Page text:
]]>We consider a heteroscedastic nonparametric regression model with an autoregressive error process of finite known order *p*. The heteroscedasticity is incorporated using a scaling function defined at uniformly spaced design points on an interval [0,1]. We provide an innovative nonparametric estimator of the variance function and establish its consistency and asymptotic normality. We also propose a semiparametric estimator for the vector of autoregressive error process coefficients that is consistent and asymptotically normal for a sample size *T*. Explicit asymptotic variance covariance matrix is obtained as well. Finally, the finite sample performance of the proposed method is tested in simulations.

This article first studies the non-stationarity of the first-order double AR model, which is defined by the random recurrence equation , where *γ*_{0} > 0, *α*_{0} ≥ 0, and {*η*_{t}}is a sequence of i.i.d. symmetric random variables. It is shown that the double AR(1) model is explosive under the condition . Based on this, it is shown that the quasi-maximum likelihood estimator of (*φ*_{0},*α*_{0}) is consistent and asymptotically normal so that the unit root problem does not exist in the double AR(1) model. Simulation studies are carried out to assess the performance of the quasi-maximum likelihood estimator in finite samples.

This article proposes a flexible set of transformed polynomial functions for modelling the conditional mean of autoregressive processes. These functions enjoy the same approximation theoretic properties of polynomials and, at the same time, ensure that the process is strictly stationary, is ergodic, has fading memory and has bounded unconditional moments. The consistency and asymptotic normality of the least-squares estimator is easily obtained as a result. A Monte Carlo study provides evidence of good finite sample properties. Applications in empirical time-series modelling, structural economics and structural engineering problems show the usefulness of transformed polynomials in a wide range of settings.

]]>The concentration of aerosol particles, largely caused by traffic volume and often enhanced during temperature inversion episodes in the cold season, can be a concern for human health in the urban environment. This particulate matter is typically recorded as PM_{10}, the total mass of particles below 10 μm in diameter. It is suspected that, within the PM_{10} class, ultrafine particles ( < 100 nm) may be responsible for causing respiratory and cardiovascular diseases. Because of their low mass, ultrafine particles are hard to detect, and researchers try to utilize PM_{10} in combination with nitrogen oxides NO_{x} and other trace gases to monitor their dynamic evolution. To meet pollution standards set by national government and European Union regulation, the city of Klagenfurt, Austria, began using calcium magnesium acetate as a deicer on 11 January 2012, hoping to literally glue pollutants to the ground and thereby reducing pollution concentrations. With the statistical methodology developed in this article, the dynamic evolution of PM_{10} and NO_{x} is traced for the time period starting 4 January and ending 25 January 2012, and a change in dynamics is found. The findings are based on on-line monitoring procedures that sequentially detect structural breaks in the mean and the parameter values of an autoregressive moving average process. These are defined in terms of model residuals and one-step ahead predictors. Theoretical properties are studied, and a simulation study shows that the proposed procedures work well in finite samples.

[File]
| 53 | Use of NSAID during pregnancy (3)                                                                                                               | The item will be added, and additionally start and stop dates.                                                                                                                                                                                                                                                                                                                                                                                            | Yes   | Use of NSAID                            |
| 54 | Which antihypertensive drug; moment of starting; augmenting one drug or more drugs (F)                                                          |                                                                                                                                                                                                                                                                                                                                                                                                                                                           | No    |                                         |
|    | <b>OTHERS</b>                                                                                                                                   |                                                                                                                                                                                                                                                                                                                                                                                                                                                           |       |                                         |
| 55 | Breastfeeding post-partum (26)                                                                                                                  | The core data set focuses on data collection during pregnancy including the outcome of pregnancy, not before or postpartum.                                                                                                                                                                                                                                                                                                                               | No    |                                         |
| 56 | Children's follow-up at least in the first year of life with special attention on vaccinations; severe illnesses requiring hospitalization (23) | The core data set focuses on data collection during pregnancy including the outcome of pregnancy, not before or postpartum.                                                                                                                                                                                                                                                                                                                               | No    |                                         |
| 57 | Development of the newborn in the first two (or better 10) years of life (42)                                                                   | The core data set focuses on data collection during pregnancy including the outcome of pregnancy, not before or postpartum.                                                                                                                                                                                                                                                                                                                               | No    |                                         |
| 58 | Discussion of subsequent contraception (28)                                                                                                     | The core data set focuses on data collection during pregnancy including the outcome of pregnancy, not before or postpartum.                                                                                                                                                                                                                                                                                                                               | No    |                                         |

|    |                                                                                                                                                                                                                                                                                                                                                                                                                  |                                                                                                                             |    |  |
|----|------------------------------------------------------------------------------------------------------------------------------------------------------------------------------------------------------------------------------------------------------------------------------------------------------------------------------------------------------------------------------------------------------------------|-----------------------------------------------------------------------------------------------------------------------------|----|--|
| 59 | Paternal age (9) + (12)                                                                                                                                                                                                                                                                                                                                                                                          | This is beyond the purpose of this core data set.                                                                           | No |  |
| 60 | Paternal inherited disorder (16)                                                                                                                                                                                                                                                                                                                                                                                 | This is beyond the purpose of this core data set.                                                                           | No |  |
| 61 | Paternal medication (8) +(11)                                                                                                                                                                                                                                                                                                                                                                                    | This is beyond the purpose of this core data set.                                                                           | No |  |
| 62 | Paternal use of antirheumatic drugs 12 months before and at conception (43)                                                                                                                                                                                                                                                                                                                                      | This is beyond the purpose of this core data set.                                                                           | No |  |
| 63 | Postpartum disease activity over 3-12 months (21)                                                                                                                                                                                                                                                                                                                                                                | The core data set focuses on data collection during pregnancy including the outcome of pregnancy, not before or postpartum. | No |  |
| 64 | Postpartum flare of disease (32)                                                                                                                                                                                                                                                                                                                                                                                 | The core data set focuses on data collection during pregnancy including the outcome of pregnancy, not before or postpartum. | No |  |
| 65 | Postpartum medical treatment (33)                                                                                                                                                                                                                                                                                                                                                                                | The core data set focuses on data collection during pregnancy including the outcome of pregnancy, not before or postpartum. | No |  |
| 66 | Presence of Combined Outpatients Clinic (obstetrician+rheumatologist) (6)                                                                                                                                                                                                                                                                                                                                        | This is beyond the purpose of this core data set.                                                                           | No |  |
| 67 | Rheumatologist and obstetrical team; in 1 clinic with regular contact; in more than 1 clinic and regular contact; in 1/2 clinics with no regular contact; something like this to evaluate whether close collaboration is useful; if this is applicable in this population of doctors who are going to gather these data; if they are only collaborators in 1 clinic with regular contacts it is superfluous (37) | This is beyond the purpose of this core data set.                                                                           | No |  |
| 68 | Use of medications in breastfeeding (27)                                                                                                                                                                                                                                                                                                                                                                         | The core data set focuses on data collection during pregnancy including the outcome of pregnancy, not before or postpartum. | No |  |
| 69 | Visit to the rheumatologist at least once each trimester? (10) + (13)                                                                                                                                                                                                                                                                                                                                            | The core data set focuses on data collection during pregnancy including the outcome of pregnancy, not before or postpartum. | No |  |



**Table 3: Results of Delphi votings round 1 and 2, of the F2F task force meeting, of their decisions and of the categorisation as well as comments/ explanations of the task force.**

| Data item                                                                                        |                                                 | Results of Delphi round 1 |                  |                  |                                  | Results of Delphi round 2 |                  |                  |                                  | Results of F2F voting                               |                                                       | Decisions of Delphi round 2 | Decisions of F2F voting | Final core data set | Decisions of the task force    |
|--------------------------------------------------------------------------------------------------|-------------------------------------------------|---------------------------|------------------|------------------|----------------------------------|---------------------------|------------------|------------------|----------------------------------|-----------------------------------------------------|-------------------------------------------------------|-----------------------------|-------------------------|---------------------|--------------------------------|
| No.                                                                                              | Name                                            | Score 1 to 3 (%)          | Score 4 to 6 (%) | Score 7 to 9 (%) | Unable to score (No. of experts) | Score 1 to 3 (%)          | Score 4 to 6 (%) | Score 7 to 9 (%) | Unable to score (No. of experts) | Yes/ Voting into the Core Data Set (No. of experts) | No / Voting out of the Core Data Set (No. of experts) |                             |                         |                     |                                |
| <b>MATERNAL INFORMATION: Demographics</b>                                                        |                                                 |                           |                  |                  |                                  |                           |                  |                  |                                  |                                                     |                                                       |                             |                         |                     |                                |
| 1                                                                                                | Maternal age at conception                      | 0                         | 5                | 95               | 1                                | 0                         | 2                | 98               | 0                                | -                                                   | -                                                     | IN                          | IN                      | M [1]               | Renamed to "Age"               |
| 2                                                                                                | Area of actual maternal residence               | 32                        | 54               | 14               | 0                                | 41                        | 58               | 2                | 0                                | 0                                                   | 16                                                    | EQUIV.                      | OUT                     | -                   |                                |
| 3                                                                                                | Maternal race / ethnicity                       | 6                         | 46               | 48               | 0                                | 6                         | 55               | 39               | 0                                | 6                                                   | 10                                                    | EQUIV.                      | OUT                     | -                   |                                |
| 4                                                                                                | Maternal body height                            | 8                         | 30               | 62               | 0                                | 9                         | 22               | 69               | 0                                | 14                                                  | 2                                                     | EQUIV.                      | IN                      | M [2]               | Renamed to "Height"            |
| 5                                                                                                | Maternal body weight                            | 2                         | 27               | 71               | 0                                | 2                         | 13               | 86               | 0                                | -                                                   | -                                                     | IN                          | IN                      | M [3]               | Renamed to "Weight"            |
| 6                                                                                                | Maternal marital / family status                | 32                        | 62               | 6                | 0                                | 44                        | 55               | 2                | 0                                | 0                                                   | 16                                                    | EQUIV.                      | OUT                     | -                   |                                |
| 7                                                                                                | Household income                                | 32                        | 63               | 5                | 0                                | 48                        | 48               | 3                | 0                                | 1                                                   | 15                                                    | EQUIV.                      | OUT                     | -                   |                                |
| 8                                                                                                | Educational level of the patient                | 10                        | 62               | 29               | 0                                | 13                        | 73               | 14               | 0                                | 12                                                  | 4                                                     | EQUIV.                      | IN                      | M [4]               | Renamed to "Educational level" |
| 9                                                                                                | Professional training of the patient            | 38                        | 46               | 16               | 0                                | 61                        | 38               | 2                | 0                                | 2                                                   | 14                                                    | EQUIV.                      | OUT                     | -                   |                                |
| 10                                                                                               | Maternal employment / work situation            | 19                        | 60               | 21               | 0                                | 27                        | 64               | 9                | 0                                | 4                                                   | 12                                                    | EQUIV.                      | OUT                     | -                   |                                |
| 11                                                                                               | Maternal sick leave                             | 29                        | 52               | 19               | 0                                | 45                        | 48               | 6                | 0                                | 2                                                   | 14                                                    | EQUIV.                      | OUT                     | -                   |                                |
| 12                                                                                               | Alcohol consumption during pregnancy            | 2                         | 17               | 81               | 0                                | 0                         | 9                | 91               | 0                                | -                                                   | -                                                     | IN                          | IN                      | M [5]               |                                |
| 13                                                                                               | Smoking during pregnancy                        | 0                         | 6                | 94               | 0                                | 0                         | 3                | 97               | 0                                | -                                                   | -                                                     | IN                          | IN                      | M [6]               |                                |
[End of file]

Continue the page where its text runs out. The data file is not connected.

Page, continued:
Consider an infinite dimensional vector linear process. Under suitable assumptions on the parameter space, we provide consistent estimators of the autocovariance matrices. In particular, under causality, this includes the infinite-dimensional vector autoregressive (IVAR) process. In that case, we obtain consistent estimators for the parameter matrices. An explicit expression for the estimators is obtained for IVAR(1), under a fairly realistic parameter space. We also show that under some mild restrictions, the consistent estimator of the marginal large dimensional variance–covariance matrix has the same convergence rate as that in case of i.i.d. samples.

The consistency of the quasi-maximum likelihood estimator for random coefficient autoregressive models requires that the coefficient be a non-degenerate random variable. In this article, we propose empirical likelihood methods based on weighted-score equations to construct a confidence interval for the coefficient. We do not need to distinguish whether the coefficient is random or deterministic and whether the process is stationary or non-stationary, and we present two classes of equations depending on whether a constant trend is included in the model. A simulation study confirms the good finite-sample behaviour of our resulting empirical likelihood-based confidence intervals. We also apply our methods to study US macroeconomic data.